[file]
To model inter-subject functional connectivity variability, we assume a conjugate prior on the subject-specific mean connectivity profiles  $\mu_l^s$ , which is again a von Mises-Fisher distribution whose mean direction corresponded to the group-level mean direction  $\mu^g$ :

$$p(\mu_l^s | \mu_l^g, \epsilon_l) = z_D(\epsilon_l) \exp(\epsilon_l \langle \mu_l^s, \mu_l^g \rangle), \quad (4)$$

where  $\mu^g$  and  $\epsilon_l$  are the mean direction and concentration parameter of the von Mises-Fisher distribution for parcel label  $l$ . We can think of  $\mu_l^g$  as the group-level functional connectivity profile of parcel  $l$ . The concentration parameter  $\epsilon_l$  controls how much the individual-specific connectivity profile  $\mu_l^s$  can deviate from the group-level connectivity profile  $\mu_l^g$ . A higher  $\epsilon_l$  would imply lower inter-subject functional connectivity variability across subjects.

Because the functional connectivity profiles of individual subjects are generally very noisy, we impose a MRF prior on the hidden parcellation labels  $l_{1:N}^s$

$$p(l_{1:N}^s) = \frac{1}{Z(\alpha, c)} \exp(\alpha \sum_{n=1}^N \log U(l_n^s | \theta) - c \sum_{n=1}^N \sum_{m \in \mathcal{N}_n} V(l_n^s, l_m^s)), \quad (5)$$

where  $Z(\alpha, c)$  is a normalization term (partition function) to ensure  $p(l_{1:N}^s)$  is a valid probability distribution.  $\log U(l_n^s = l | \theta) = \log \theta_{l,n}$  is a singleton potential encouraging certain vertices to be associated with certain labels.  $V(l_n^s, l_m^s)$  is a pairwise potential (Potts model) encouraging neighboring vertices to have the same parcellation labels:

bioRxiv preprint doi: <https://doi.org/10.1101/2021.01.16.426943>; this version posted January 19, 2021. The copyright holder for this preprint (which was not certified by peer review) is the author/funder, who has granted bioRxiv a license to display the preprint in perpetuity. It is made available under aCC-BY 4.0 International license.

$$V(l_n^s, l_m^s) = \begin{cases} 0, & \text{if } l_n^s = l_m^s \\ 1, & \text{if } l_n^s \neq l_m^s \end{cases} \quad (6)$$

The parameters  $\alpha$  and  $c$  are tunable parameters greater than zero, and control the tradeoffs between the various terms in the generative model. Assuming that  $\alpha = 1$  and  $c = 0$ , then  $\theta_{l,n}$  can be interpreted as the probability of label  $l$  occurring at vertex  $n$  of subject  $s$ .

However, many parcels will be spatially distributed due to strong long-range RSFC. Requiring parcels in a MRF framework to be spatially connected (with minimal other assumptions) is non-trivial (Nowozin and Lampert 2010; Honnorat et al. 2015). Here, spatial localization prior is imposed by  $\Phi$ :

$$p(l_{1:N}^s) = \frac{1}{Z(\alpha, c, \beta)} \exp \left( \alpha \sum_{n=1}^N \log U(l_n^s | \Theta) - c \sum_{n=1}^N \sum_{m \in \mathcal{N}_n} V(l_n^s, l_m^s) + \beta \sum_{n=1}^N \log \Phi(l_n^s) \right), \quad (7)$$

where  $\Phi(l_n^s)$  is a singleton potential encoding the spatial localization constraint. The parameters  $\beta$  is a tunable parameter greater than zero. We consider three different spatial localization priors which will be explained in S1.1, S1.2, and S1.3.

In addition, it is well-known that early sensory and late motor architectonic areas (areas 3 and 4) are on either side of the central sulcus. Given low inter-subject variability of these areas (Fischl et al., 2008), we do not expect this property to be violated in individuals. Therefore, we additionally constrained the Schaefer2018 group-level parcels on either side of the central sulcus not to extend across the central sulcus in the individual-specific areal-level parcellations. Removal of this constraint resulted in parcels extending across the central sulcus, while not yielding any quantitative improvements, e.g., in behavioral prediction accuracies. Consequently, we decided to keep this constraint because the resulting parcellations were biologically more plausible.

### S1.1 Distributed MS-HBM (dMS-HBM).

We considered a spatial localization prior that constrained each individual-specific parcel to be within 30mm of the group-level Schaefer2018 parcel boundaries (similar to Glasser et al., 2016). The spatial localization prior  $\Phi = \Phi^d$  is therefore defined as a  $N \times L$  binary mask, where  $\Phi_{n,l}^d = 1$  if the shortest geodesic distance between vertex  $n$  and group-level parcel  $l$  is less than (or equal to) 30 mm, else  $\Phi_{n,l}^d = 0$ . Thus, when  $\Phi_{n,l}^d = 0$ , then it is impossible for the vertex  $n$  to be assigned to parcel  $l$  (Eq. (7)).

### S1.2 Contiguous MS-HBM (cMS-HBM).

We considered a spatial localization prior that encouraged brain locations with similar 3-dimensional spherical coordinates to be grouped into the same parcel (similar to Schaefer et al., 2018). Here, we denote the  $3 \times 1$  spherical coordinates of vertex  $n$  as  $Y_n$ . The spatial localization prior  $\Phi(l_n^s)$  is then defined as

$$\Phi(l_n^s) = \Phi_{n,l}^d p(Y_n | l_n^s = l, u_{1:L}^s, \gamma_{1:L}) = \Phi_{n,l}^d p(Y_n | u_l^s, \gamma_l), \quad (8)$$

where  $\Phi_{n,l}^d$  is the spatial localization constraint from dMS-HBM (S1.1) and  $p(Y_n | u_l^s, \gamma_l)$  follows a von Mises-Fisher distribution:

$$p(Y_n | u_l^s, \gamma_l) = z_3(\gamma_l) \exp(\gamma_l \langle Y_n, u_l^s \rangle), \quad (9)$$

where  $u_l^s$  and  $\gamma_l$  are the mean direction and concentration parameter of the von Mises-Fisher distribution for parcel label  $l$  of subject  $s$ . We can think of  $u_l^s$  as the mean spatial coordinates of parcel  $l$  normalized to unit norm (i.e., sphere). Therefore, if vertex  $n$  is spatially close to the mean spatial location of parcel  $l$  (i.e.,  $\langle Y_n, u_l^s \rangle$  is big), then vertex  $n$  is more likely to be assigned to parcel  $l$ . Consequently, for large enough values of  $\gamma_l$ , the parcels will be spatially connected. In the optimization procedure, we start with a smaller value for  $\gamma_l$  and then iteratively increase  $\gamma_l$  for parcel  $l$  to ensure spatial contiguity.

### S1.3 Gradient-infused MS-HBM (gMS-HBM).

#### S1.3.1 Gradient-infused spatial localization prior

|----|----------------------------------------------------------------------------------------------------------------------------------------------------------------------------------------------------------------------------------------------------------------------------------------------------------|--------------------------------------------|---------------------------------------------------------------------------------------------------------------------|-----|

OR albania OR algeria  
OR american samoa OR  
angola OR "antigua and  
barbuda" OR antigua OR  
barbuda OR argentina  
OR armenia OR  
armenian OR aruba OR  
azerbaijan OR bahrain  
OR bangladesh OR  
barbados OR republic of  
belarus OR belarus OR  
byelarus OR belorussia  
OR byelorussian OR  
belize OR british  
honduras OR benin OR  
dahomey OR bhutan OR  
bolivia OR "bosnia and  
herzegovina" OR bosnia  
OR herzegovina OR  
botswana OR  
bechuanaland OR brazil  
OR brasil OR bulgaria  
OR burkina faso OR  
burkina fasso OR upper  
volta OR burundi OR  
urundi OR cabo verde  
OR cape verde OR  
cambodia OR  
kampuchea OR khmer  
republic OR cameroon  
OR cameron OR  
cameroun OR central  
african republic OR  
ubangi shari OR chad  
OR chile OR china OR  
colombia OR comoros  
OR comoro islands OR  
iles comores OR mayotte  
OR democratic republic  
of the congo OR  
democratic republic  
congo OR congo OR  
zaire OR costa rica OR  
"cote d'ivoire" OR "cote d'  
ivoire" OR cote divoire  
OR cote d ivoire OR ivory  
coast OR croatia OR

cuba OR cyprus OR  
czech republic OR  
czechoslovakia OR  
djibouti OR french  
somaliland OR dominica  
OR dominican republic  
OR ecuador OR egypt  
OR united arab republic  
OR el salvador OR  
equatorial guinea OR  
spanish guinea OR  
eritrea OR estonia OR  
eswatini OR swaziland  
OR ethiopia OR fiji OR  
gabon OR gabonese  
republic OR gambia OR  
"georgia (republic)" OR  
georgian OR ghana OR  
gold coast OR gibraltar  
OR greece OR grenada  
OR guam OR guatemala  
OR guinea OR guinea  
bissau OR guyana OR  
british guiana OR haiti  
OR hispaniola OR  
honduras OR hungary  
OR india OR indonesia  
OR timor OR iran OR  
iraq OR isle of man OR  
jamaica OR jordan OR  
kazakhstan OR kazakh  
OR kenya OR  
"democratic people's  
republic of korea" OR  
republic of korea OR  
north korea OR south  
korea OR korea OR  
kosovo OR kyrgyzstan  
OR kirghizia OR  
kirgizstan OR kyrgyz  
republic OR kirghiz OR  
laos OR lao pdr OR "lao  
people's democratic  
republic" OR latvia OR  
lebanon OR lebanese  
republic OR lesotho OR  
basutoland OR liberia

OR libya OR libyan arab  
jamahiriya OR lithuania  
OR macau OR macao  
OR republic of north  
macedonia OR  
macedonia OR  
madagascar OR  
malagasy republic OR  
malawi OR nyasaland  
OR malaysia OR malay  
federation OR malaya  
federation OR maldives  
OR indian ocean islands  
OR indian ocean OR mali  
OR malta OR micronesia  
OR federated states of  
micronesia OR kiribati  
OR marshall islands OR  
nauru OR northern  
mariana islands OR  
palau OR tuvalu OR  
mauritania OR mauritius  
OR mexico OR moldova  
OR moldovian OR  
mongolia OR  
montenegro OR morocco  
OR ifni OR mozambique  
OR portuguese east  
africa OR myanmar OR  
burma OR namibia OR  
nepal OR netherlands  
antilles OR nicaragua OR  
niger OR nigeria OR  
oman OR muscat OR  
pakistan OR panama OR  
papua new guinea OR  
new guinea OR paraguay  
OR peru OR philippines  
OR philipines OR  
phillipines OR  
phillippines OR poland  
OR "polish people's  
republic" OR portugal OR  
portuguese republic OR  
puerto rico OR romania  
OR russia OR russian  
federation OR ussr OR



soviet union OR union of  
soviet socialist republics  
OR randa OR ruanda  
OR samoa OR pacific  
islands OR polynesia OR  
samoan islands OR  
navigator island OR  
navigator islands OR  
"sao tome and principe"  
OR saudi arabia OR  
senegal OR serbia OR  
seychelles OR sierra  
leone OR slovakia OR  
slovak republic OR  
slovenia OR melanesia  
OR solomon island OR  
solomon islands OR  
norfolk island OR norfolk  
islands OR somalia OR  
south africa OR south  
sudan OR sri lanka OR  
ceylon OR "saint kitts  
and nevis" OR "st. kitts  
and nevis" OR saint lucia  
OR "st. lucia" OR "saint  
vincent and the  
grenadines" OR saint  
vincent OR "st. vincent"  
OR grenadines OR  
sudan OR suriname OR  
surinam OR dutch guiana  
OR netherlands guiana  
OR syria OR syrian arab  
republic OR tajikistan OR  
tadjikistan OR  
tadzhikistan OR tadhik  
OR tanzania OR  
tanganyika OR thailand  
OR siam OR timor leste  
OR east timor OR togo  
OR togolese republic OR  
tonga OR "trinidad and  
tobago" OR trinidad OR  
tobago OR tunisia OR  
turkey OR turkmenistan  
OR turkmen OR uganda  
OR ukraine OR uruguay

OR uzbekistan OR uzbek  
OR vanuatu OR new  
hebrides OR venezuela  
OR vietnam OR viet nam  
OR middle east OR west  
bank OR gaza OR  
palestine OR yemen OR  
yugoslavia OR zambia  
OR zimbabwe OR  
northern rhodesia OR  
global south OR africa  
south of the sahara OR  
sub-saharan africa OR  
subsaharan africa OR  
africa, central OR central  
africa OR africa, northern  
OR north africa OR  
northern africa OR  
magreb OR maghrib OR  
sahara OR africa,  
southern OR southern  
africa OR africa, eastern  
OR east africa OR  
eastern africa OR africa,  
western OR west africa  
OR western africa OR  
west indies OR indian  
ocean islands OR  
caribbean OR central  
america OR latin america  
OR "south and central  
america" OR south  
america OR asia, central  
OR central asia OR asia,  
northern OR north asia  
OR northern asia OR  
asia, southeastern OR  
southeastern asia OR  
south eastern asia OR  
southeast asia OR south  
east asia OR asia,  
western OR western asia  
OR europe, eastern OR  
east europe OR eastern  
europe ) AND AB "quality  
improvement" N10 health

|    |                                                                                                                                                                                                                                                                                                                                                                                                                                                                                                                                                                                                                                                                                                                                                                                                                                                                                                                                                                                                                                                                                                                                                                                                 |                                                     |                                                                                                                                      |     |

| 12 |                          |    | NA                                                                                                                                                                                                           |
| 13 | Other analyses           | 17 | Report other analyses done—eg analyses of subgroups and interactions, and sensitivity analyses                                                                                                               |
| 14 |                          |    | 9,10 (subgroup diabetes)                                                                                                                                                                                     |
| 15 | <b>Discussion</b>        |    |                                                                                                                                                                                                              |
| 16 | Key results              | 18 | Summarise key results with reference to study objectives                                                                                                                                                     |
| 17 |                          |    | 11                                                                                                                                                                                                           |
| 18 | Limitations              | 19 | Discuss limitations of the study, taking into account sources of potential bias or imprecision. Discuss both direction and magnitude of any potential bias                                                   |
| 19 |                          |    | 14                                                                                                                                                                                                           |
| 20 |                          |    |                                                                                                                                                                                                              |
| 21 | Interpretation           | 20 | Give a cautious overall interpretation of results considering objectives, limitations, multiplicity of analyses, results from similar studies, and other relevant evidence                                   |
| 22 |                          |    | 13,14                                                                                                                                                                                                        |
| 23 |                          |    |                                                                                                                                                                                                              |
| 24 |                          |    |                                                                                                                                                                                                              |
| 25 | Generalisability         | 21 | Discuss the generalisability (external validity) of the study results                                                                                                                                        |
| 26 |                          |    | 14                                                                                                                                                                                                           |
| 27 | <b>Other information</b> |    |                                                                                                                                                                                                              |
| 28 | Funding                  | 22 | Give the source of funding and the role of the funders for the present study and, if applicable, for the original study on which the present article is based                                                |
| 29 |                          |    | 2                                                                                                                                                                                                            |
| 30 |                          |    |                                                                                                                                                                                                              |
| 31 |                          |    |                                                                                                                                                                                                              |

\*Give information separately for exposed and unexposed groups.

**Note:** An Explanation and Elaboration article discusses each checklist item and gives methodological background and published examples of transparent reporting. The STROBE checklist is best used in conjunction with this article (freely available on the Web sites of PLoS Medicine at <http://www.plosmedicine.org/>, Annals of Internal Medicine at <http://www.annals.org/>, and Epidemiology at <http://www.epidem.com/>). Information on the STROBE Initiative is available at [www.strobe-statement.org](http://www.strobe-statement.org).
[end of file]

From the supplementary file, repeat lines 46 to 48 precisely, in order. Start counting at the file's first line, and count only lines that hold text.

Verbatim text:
OR brasil OR bulgaria  
OR burkina faso OR  
burkina fasso OR upper  